Achieve Beyond Pediatric Therapy

In-Home ABA Therapy Benefits

ABA Therapy Benefits

Many people with ASD (autism spectrum disorder) need support when learning specific skills or new behaviors that are positive and functional. ABA therapy can be very effective with teaching skills in these common areas:

  • General social skills
  • Communication
  • Self-help
  • Motor skills
  • Play skills
  • Leisure activities
  • Independent daily living

How is ABA Therapy Beneficial?

The basis of ABA therapy is to identify why a person engages in a particular behavior followed by creating environments that support effective, lasting change for the better. When new, helpful behaviors bring about good results, old, unhelpful behaviors begin to decrease.

ABA therapy provides beneficial information on:

  • Why behaviors occur
  • How certain environments can affect behavior
  • The best way to create a beneficial, long-lasting therapy plan
  • The most effective therapy models for changing individual behavior

ABA Therapy Expectations

ABA therapy can be conducted in clinics, schools, outside settings, and inside the home. ABA programs are managed by Board Certified Behavior Analysts (BCBAs), who are Masters-level professionals and direct care providers. In most cases BCBAs are Registered Behavior Technicians (RBTs), which is a national certification.

The role and responsibilities of the BCBA include:

  • Developing a treatment plan
  • Helping parents and other caregivers manage treatment plans
  • Developing and conducting progress assessments
  • Monitoring work conducted by other direct care providers

Depending on the intensity of the treatment, BCBAs may work with the child and direct care anywhere from multiple days per week to a few days per month. 

Direct care providers are closely monitored by BCBAs to make sure the correct therapy program is being followed. It is imperative that any comprehensive ABA therapy programs are followed by all caregivers, from teachers to parents. Talking to your BCBA will help you understand their therapy program.

Typical therapy sessions include play, practicing daily activities like toileting or dressing, and structured teaching activities. ABA Sessions are customized for each child’s strengths and needs and designed to improve the quality of life for both the child and their family.

Helping parents with continuing therapeutic practices at home is a critical part of ABA therapy. Without continued reinforcement, certain behaviors may take longer to learn or even regress.

ABA Therapy from IABA Consultants

If you have questions regarding autism treatment, education, or plans using ABA therapy, we are here for you! Our goal is to make sure no family is turned away due to financial constraints. Our therapy team would love to talk to you. Find the location closest to you and give us a call. We’re here for you.


Arizona Autism United

ASD & Gender Comorbidities

ASD & Gender Comorbidities

The likelihood that a person with autism has another condition correlates strongly with the age at which they received their autism diagnosis, according to a new study. The study also noted that girls with autism are more likely than neurotypical girls to have other conditions, to a degree not seen in boys.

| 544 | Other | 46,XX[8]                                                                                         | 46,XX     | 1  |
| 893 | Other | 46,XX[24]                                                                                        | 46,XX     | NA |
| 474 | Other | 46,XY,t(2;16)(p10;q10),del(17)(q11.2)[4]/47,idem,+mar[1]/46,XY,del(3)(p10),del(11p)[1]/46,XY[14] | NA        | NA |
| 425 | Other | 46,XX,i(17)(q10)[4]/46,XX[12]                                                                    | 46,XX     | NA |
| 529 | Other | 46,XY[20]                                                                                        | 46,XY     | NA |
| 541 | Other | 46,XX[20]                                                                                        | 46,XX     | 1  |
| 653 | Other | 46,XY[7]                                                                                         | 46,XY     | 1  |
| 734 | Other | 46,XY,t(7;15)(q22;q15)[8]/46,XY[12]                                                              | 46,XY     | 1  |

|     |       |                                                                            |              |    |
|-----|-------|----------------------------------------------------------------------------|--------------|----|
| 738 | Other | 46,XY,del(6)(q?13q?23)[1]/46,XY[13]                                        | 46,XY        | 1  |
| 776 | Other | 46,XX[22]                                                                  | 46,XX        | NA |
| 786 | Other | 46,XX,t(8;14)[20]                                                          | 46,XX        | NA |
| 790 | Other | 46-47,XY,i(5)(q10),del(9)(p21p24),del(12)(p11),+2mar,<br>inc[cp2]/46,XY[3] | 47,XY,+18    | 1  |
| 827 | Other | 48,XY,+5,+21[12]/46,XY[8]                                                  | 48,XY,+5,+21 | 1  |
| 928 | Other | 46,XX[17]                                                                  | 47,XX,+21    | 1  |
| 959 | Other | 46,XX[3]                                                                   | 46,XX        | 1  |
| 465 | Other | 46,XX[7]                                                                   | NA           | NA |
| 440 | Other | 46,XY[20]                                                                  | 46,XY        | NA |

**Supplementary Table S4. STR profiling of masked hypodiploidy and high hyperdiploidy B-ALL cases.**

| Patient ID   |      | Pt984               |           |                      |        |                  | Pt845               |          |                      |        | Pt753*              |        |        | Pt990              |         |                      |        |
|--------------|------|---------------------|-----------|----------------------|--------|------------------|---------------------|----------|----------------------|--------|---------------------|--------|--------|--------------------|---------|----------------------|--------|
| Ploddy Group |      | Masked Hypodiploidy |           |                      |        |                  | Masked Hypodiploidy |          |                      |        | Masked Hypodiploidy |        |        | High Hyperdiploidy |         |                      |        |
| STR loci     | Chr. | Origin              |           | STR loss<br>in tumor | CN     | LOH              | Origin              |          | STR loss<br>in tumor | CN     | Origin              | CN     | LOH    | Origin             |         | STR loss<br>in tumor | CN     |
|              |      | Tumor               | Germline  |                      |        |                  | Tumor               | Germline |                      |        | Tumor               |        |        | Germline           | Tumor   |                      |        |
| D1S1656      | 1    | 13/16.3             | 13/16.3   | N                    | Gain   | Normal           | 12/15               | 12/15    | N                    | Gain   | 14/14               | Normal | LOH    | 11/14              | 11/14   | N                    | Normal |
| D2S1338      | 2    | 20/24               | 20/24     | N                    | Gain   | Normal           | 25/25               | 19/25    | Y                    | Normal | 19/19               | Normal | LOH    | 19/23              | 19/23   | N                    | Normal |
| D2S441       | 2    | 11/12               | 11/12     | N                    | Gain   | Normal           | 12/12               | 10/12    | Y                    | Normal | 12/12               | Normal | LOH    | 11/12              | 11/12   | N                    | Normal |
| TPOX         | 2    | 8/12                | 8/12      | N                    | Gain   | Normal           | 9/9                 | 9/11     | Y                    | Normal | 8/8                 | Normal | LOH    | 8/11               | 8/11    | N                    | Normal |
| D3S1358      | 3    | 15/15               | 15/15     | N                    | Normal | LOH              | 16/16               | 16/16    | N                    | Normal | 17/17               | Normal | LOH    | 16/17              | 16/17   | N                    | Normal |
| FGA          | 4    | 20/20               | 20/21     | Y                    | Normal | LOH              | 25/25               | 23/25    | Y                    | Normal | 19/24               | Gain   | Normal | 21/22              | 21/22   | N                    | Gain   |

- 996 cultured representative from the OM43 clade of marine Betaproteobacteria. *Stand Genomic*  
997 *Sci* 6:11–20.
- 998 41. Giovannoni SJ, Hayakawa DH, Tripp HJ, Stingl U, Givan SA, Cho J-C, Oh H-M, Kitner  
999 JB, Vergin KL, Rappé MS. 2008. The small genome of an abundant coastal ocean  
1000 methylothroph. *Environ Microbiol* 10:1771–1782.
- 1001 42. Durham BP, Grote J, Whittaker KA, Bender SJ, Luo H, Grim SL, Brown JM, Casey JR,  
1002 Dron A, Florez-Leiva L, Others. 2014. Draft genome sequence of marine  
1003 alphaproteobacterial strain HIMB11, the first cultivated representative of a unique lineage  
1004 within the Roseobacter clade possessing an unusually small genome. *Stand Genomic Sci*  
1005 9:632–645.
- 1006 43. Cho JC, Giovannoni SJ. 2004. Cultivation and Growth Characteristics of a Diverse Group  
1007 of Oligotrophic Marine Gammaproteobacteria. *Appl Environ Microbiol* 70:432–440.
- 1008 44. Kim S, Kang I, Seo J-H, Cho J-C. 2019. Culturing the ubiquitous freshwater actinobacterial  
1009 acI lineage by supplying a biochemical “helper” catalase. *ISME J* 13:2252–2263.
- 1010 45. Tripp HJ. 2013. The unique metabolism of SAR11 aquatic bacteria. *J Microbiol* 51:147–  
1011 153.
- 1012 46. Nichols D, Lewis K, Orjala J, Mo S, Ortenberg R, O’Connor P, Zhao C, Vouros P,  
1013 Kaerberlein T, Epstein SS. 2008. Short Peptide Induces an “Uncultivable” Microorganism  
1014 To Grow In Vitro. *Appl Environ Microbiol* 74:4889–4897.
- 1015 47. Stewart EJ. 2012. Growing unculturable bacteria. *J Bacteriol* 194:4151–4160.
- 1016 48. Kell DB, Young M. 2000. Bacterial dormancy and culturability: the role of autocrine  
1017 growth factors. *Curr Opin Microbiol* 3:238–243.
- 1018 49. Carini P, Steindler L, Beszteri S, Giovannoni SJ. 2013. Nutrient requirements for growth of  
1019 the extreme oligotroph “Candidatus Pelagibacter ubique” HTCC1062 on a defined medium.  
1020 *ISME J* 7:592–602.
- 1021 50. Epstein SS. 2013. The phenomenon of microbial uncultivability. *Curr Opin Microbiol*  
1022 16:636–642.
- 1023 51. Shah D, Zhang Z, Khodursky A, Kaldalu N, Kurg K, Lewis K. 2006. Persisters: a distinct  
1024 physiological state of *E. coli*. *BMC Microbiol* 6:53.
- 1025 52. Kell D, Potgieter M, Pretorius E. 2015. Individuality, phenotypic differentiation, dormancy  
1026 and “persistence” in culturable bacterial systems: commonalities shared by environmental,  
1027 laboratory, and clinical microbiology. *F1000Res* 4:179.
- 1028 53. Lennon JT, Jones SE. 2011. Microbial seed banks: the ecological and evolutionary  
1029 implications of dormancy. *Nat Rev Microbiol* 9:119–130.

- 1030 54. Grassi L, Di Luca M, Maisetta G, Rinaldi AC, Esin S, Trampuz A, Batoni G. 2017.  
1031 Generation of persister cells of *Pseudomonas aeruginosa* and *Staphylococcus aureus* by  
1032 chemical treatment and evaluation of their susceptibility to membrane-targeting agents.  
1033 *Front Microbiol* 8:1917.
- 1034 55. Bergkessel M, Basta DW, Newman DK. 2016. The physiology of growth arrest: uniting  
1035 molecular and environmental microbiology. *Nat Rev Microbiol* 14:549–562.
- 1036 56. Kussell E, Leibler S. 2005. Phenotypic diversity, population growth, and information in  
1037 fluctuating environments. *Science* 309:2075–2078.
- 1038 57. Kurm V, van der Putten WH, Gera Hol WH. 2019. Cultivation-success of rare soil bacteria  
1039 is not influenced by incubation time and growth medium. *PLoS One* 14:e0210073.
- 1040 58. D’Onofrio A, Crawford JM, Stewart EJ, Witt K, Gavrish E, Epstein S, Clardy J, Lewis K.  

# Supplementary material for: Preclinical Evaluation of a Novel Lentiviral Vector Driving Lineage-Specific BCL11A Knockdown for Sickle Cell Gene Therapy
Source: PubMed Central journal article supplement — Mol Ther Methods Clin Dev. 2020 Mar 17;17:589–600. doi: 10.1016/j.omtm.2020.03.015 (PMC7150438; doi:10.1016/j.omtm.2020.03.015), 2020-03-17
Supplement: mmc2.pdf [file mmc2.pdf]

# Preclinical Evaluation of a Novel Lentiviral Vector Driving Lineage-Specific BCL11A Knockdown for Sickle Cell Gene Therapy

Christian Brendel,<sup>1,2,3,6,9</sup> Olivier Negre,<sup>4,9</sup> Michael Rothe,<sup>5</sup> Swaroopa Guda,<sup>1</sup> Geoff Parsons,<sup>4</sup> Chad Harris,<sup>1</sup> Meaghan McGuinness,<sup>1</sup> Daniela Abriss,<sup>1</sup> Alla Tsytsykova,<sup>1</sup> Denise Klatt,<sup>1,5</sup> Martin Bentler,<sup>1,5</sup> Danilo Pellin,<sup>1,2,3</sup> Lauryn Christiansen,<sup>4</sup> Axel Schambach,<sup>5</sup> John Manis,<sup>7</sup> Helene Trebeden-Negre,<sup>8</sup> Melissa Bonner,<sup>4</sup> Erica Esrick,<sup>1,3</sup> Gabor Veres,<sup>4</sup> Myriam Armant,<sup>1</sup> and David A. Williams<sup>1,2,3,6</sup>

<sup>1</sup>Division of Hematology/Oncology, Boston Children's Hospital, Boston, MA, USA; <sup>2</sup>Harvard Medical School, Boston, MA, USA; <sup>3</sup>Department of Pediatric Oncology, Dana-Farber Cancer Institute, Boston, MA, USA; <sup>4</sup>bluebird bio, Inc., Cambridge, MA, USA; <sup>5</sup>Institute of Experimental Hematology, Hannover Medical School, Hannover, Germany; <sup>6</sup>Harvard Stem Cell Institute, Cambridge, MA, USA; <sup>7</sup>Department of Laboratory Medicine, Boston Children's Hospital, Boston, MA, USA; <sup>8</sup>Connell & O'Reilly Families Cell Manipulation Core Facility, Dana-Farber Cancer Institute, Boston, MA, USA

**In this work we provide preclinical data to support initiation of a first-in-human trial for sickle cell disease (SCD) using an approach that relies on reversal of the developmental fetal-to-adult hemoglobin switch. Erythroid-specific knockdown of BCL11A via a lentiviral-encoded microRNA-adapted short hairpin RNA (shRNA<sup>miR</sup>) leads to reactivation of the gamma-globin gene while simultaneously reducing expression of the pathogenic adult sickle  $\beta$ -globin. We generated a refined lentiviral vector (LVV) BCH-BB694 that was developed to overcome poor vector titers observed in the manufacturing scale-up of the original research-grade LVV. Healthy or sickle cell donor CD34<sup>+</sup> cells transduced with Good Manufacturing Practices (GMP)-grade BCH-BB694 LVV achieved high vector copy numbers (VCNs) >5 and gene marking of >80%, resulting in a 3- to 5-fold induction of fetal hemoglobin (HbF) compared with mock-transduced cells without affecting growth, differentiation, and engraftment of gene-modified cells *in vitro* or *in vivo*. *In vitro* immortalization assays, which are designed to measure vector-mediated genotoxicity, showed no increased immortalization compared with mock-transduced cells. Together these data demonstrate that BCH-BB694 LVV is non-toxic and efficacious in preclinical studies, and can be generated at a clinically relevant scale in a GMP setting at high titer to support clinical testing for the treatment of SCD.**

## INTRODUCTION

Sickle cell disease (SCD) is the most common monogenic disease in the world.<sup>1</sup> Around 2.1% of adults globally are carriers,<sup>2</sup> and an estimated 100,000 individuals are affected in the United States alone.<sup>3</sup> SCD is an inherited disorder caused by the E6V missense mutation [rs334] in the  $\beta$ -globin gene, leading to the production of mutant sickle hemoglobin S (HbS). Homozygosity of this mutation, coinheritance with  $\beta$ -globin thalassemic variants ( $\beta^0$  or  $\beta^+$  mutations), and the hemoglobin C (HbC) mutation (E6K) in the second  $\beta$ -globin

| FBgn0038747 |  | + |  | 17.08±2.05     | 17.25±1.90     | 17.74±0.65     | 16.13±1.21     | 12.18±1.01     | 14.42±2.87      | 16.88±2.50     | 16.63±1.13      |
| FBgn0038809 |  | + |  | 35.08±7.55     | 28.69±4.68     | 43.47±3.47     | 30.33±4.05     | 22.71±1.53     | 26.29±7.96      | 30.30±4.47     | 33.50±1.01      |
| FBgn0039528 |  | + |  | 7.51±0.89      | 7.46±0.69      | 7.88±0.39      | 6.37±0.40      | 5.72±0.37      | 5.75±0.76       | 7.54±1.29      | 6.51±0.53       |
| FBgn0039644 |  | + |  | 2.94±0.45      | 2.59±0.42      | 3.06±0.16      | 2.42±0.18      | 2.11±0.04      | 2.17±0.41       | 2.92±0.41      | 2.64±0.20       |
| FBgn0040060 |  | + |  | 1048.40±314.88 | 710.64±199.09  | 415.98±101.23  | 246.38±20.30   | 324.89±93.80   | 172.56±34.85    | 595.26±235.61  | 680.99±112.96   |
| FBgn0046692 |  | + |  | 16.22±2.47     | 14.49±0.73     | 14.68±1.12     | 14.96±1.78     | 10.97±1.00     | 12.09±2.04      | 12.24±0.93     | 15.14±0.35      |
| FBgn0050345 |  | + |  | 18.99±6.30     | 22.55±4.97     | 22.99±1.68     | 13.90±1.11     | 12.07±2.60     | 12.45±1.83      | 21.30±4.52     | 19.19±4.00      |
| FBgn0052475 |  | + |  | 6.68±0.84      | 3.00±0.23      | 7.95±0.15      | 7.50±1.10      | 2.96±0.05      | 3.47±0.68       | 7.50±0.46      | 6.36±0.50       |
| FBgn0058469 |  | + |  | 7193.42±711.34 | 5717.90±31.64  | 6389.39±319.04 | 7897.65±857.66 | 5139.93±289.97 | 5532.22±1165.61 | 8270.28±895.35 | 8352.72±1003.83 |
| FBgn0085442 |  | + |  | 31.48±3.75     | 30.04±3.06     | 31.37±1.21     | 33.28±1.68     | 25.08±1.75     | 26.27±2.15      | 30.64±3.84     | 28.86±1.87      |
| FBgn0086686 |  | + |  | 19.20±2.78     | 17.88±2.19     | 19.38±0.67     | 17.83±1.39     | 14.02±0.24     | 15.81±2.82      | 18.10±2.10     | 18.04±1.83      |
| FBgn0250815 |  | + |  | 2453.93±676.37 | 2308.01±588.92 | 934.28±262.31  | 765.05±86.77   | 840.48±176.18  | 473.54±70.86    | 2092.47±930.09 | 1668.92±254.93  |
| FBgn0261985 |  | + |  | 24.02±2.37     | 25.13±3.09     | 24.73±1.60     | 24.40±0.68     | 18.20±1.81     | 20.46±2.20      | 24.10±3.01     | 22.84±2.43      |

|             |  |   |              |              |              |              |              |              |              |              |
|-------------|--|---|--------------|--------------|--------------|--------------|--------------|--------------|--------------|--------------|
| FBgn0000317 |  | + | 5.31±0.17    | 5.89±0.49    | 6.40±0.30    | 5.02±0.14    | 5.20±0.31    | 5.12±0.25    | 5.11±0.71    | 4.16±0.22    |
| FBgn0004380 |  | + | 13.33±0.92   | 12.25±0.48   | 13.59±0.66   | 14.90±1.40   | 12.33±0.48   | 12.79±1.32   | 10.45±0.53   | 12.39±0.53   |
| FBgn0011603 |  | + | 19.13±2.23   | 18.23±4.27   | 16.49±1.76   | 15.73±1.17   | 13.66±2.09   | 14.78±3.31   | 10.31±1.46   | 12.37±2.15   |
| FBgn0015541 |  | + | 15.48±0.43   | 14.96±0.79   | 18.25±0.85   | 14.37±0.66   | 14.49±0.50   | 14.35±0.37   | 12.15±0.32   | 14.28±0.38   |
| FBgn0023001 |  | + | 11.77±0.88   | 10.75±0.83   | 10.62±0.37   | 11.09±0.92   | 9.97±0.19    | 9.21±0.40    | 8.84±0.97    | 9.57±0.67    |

Study factors included whether a person with autism’s age at ASD diagnosis or birth sex changed their chance of having any of 11 common comorbid conditions (including epilepsy, anxiety, and ADHD). The study drew on data from around 16,000 people with autism and more than 650,000 neurotypical people up to 16 years old.

Among people included in the study who received late ASD diagnoses (11 to 15 years old) 26% of girls and 13% of boys were also diagnosed with a comorbid condition. The trend for intellectual disability in the study was the opposite with 40% of people with an early autism diagnosis having an intellectual disability, compared to just 10% percent of people with a late autism diagnosis.

Looking at Gender and ASD Comorbidities

For 11 co-occurring conditions considered by study researchers, the age of autism diagnosis was the single biggest predictor of whether a participant had that condition. Gender was another major factor.

Among individuals with autism, girls were 2.2X more likely to have anxiety than boys. By contrast, anxiety is about 1.4X higher in neurotypical girls than neurotypical boys. And while neurotypical boys are 2.6X more likely to have ADHD than neurotypical girls, the ratio dropped within the ASD population. Boys with Autism are just 1.6X more likely than girls with autism to have ADHD.

Looking at the ASD Spectrum Index

86 percent. That is the proportion of people with autism who show “a fair to very good level of objective psychosocial functioning,” according to a study that tracked the jobs. The happiness and close friendships of 917 adults — 425 men and 492 women — were tracked over a six-year period. These study results appeared in the journal Autism in June 2021.

The results of recent studies have started taking closer looks at both the age of ASD diagnoses and the gender of people with ASD. The early data shows promising results in the differences between boys and girls with ASD.

ABA Therapy from IABA Consultants

If you have questions regarding autism treatment, education, or plans using ABA therapy, we are here for you! Our goal is to make sure no family is turned away due to financial constraints. Our therapy team would love to talk to you. Find the location closest to you and give us a call. We’re here for you.